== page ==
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would be challenged by newer views of the world brought about by the maturing of the quantum theory. Starting in the 1920s, and culminating in 1935, a major debate would rage within the community of quantum physicists. The challenge would be issued by Einstein, and throughout the rest of his life, Bohr would regularly spar with Einstein on the meaning and completeness of the quantum theory.

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6
De Broglie’s Pilot Waves
“After long reflection in solitude and meditation, I suddenly had the idea, during the year 1923, that the discovery made by Einstein in 1905 should be generalized by extending it to all material particles and notably to electrons.” —Louis de Broglie

uke Louis Victor de Broglie was born in Dieppe in 1892 to an aristocratic French family that had long provided France with diplomats, politicians, and military leaders. Louis was the youngest of five children. His family expected Louis’ adored older bother, Maurice, to enter the military service, and so Louis too decided to serve France. He chose the navy, since he thought it might allow him to study the natural sciences, which had fascinated him since childhood. He did indeed get to practice science by installing the first French wireless transmitter aboard a ship. After Maurice left the military and studied in Toulon and at the University of Marseilles, he moved to a mansion in Paris, where in one of the rooms he established a laboratory for the study of X-rays. To aid him in his experiments, the resourceful Maurice trained his valet in the rudiments of sci49

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entific procedure, and eventually converted his personal servant into a professional lab assistant. His fascination with science was infectious. Soon, his younger brother Louis was also interested in the research and helped him with experiments. Louis attended the Sorbonne, studying medieval history. In 1911, Maurice served as the secretary of the famous Solvay Conference in Brussels, where Einstein and other leading physicists met to discuss the exciting new discoveries in physics. Upon his return, he regaled his younger brother with stories about the fascinating discoveries, and Louis became even more excited about physics. Soon, World War I erupted and Louis de Broglie enlisted in the French army. He served in a radio communication unit, a novelty at that time. During his service with the radio-telegraphy unit stationed at the top of the Eiffel Tower, he learned much about radio waves. And indeed he was to make his mark on the world through the study of waves. When the war ended, de Broglie returned to the university and studied under some of France’s best physicists and mathematicians, including Paul Langevin and Emile Borel. He designed experiments on waves and tested them out at his brother’s laboratory in the family’s mansion. De Broglie was also a lover of chamber music, and so he had an intimate knowledge of waves from a music-theory point of view. De Broglie immersed himself in the study of the proceedings of the Solvay Conference given to him by his brother. He was taken by the nascent quantum theory discussed in 1911 and repeatedly presented at later Solvay meetings throughout the following years. De Broglie studied ideal gases, which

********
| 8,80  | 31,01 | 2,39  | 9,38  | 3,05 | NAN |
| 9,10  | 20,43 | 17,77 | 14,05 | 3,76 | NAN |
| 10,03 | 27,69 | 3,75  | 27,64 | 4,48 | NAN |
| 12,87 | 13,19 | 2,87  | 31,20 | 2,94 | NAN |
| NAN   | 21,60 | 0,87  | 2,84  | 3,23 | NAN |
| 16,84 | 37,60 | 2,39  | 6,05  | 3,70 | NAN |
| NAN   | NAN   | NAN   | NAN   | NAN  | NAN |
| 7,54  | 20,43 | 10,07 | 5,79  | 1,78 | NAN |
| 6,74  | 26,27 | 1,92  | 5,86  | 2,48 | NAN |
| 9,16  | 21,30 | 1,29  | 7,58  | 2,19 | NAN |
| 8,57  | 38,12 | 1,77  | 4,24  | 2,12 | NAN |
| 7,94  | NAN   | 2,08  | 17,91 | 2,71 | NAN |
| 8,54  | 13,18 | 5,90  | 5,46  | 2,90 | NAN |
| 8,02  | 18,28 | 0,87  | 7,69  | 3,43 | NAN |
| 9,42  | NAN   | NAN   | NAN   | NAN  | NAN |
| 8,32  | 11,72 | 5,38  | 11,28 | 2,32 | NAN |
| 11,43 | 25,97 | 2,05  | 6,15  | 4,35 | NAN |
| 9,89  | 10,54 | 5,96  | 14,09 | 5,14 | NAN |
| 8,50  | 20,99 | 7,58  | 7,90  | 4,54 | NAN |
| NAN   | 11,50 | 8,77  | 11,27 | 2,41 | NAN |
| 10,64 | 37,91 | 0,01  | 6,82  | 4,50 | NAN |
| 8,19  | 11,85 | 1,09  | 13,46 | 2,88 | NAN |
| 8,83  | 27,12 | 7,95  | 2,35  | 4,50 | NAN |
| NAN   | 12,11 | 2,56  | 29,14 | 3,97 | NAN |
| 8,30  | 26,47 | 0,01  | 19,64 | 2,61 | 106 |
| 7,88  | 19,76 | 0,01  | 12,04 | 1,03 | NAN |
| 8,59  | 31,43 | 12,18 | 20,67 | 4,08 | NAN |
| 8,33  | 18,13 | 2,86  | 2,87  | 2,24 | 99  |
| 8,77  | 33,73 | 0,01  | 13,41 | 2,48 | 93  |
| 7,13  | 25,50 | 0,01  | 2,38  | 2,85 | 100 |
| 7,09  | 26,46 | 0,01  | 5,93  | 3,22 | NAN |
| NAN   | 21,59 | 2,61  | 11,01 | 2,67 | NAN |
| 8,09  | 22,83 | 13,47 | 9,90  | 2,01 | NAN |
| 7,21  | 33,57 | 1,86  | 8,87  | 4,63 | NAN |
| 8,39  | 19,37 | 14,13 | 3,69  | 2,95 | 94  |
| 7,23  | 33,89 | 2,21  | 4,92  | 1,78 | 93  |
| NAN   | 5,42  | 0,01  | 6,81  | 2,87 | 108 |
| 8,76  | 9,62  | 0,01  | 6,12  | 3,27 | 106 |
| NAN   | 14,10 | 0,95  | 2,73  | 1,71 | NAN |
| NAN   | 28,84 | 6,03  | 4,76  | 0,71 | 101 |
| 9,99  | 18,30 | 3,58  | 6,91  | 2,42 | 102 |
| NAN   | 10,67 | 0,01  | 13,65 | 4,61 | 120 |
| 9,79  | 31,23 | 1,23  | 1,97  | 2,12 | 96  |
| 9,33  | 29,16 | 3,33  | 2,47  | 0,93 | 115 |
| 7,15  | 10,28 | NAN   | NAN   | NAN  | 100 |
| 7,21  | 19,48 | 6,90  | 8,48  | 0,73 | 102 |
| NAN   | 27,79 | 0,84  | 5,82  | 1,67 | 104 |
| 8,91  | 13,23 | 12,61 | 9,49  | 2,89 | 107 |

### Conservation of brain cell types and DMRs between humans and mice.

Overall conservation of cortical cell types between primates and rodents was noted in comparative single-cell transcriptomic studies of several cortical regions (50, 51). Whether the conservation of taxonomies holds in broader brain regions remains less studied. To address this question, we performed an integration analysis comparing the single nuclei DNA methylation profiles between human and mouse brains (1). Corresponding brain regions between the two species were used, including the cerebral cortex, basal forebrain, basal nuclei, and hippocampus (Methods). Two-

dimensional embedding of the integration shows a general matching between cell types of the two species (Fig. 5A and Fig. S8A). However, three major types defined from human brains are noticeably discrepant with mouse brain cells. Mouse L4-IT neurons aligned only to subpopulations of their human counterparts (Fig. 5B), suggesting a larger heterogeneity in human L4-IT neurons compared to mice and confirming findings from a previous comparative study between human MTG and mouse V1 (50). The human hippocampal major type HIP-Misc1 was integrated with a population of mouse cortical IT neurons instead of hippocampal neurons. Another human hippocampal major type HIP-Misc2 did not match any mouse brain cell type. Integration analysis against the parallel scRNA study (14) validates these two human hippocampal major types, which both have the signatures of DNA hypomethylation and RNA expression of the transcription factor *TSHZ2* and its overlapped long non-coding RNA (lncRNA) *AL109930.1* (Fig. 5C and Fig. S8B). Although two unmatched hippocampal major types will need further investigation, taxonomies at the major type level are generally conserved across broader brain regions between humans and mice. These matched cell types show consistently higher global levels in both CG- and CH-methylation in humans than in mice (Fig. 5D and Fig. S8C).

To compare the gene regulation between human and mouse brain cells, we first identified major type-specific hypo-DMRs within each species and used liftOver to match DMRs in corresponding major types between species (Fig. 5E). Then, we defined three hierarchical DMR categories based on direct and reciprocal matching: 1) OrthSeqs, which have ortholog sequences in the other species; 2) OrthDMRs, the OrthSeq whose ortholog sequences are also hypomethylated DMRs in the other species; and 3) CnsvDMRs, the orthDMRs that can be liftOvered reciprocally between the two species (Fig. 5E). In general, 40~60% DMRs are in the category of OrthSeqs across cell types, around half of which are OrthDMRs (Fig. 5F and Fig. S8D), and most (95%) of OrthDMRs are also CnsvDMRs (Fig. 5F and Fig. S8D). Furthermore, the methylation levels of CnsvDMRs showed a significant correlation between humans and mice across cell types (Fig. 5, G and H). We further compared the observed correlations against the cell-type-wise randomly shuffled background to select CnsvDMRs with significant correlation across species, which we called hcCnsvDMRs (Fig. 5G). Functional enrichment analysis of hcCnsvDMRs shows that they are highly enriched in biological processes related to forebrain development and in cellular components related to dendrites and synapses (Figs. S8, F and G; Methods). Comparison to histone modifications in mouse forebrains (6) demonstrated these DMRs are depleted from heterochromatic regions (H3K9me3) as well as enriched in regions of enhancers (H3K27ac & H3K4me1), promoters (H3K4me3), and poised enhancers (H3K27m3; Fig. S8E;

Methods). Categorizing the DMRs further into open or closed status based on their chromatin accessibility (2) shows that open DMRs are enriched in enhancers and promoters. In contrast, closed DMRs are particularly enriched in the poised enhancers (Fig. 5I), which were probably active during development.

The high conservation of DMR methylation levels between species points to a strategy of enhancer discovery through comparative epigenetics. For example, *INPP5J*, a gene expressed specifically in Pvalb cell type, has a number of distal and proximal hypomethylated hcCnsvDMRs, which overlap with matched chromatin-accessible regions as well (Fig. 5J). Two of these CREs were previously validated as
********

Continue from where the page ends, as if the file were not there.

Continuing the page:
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were discussed at the Solvay meeting, and came to a successful implementation of the theory of waves in analyzing the physics of such gases, using the quantum theory. In 1923, while working for a doctorate in physics in Paris, “all of a sudden,” as he later put it, “I saw that the crisis in optics was simply due to a failure to understand the true universal duality of wave and particle.” At that moment, in fact, de Broglie discovered this duality. He published three short notes on the topic, hypothesizing that particles were also waves and waves also particles, in the Proceedings of the Paris Academy in September and October 1923. He elaborated on this work and presented his entire discovery in his doctoral dissertation, which he defended on November 25, 1924. De Broglie took Bohr’s conception of an atom and viewed it as a musical instrument that can emit a basic tone and a sequence of overtones. He suggested that all particles have this kind of wave-aspect to them. He later described his efforts: “I wished to represent to myself the union of waves and particles in a concrete fashion, the particle being a little localized object incorporated in the structure of a propagating wave.” Waves that he associated with particles, de Broglie named pilot waves. Every small particle in the universe is thus associated with a wave propagating through space. De Broglie derived some mathematical concepts for his pilot waves. Through a derivation using several formulas and Planck’s quantum-theory constant, h, de Broglie came up with the equation that is his legacy to science. His equation links the momentum of a particle, p, with the wavelength of

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its associated pilot wave, l, through an equation using Planck’s constant. The relationship is very simply stated as:
p=h/l